These past few months have followed history in a way that has caused for a greater revolution than ever before. We’ve seen time and again outbreaks of violence and terrorism with gun violence occurring in shopping malls, schools, government buildings, and just about anywhere you can think of. It is a problem that is greater than any string of words could properly describe. The Stoneman Douglas High School shooting on February 14th of this year broke many, for reasons unknown. The seventeen deceased victims from the event were a different kind, and their peers drew a roar that no other shooting has in recent years.
The March for Our Lives movement fights for those who can no longer fight. It works to protect the ones who can, and the ones who cannot. Contrary to some beliefs, the intent is not to strip people of their rights. It is not to make people vulnerable, nor is it to make people feel lesser than because they cannot carry their protection around their belt loop. It is to eliminate the feeling of needing that protection and access at all times. It is to keep safety in the hands of all, and to keep these same hands empty of anything harmful.
This topic inspires conversations that are like no other, and thus, it called for an interview like no other. Multiple students, staff, friends and families were given the opportunity to answer questions, as well as share simply what filled their minds when thinking of gun violence and the safety of our people. Read the voices of those who are lucky enough to still project, and help to work to support those who no longer can.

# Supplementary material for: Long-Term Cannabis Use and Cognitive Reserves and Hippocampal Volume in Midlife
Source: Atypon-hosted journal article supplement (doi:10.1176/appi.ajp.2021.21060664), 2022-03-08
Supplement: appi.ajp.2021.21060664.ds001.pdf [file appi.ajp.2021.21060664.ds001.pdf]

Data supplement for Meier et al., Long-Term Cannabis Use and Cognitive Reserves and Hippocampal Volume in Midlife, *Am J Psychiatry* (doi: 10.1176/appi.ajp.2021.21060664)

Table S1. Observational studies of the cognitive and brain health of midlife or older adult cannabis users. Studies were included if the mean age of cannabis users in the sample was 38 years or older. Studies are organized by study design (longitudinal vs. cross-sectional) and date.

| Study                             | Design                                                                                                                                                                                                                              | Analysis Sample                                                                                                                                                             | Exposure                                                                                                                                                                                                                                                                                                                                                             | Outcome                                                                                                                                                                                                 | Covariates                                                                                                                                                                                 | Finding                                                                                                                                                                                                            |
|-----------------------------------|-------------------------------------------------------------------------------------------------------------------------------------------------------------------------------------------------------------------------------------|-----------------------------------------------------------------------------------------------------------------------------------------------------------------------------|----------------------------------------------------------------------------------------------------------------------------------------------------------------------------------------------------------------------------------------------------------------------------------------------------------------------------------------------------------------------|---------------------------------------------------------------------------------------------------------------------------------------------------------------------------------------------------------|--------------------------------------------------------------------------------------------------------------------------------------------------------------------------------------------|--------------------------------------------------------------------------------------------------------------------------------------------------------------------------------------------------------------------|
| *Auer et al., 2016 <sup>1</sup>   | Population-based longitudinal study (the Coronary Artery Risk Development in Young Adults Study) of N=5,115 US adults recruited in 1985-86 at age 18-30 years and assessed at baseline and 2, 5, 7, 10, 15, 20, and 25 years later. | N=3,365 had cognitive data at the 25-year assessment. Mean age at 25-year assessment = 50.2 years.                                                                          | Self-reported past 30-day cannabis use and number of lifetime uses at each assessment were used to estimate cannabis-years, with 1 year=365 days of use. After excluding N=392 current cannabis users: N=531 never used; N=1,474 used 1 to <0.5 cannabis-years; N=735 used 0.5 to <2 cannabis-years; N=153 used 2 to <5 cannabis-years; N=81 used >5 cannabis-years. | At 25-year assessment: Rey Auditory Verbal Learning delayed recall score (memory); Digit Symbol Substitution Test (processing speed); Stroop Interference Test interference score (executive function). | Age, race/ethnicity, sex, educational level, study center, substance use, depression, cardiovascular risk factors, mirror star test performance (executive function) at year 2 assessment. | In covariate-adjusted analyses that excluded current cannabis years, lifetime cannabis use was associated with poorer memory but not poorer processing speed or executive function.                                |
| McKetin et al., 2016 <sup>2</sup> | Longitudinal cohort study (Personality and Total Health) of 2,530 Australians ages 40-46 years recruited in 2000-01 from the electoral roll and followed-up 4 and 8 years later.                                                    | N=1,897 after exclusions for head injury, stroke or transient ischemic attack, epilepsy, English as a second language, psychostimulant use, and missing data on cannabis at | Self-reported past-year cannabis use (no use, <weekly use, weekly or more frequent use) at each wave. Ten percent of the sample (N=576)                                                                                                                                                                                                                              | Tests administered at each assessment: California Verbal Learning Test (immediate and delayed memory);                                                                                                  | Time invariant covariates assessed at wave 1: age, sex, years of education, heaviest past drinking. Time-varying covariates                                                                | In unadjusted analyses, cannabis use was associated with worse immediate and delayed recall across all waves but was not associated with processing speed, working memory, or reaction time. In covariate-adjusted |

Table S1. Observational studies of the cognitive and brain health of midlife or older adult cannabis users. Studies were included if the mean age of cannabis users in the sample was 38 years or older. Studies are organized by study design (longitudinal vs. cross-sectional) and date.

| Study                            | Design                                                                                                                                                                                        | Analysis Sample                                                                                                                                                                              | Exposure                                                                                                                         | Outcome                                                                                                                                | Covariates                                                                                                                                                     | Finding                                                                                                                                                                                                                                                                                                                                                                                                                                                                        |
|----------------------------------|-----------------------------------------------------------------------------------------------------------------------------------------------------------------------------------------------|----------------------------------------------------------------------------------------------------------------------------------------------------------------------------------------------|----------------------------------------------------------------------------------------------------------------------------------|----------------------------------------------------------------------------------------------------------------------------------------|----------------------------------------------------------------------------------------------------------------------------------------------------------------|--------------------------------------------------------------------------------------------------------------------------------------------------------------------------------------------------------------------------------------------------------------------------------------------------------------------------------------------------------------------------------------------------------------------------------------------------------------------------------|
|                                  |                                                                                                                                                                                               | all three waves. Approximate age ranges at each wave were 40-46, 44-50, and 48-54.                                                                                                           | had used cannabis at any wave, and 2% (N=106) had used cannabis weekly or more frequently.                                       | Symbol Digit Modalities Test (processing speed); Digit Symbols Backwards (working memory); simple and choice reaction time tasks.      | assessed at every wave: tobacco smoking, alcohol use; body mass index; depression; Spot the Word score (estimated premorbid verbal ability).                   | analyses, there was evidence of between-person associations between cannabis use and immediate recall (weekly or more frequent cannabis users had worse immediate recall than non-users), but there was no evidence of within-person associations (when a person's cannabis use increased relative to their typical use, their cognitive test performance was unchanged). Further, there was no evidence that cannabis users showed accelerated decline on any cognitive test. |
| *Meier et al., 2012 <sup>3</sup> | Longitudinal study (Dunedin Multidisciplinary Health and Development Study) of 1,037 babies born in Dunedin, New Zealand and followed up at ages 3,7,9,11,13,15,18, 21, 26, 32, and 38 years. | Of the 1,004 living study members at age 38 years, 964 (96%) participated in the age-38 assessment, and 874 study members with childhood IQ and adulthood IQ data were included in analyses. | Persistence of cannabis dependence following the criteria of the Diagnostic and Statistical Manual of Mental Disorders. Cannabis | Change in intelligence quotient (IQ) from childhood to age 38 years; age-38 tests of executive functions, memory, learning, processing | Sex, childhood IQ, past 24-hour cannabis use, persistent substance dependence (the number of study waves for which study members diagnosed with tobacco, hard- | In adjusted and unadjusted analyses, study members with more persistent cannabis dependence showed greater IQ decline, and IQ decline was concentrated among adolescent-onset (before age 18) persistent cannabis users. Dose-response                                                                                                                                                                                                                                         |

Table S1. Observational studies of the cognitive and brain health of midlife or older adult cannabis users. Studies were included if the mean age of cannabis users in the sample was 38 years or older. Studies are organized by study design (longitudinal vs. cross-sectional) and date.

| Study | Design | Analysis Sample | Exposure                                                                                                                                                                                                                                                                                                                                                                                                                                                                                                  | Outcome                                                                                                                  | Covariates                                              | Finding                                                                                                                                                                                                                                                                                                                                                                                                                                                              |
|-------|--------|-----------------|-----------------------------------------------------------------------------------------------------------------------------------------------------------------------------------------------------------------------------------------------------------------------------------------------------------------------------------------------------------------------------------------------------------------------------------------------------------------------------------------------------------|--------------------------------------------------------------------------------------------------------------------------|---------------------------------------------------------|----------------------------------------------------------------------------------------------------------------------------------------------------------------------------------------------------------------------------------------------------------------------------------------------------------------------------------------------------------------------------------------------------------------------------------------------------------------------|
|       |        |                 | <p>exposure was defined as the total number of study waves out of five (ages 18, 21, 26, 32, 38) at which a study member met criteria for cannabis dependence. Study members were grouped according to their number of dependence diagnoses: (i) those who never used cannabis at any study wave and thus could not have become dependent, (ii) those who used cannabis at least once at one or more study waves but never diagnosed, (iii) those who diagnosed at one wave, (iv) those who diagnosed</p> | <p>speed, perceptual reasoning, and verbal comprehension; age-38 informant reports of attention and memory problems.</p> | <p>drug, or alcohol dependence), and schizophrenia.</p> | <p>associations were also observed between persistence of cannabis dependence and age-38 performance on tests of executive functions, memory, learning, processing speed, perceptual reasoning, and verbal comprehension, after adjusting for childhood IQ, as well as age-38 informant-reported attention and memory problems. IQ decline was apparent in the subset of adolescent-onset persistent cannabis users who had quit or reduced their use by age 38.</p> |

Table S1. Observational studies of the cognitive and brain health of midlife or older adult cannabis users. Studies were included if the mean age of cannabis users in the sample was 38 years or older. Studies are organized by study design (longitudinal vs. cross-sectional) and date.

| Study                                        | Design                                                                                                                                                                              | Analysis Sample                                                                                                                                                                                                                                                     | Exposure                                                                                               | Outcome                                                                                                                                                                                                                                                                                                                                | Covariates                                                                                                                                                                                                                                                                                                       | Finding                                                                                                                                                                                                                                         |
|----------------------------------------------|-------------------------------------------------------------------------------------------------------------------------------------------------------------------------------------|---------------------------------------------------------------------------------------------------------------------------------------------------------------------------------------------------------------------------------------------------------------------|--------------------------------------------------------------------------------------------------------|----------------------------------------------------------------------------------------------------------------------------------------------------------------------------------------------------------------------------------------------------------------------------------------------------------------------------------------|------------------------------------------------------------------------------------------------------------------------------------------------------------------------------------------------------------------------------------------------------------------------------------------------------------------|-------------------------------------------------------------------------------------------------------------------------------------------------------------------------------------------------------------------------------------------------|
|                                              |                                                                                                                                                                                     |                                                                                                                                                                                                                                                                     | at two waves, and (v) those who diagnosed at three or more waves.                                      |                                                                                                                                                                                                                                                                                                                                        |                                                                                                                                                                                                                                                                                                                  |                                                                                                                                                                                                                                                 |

The Stoneman Douglas High School shooting was just two months ago. Do you feel that this time around was different? Did the movements that occurred have any greater impact than past times?
“For some reason this one felt different. As an education major, I'm sadly used to seeing this, but for whatever reason this is the one that made me snap. Maybe it was the fact that when my first graders had a fire drill the next day, they were afraid to leave the classroom. When students that young are afraid for their lives, it makes you take note.
I think a big part of why this movement has exploded is that students have had enough. They were the ones to get fired up too-- they demanded that thoughts and prayers weren't enough. When the survivors are rallying for change, people are more likely to listen.”
Love trumps hate is a phrase that has become very powerful since the fall of 2016. Do you have any advice on how to handle those who are adhemently against change, and are unwilling to consider supporting the change that needs to be made in order to not just protect children and students, but society as a whole?
“I think people use the idea of love to defend whatever they want. However, it's different when there is love for the freedom to own a gun is over the love for the life of school children, it's really hard to make that moral switch in someone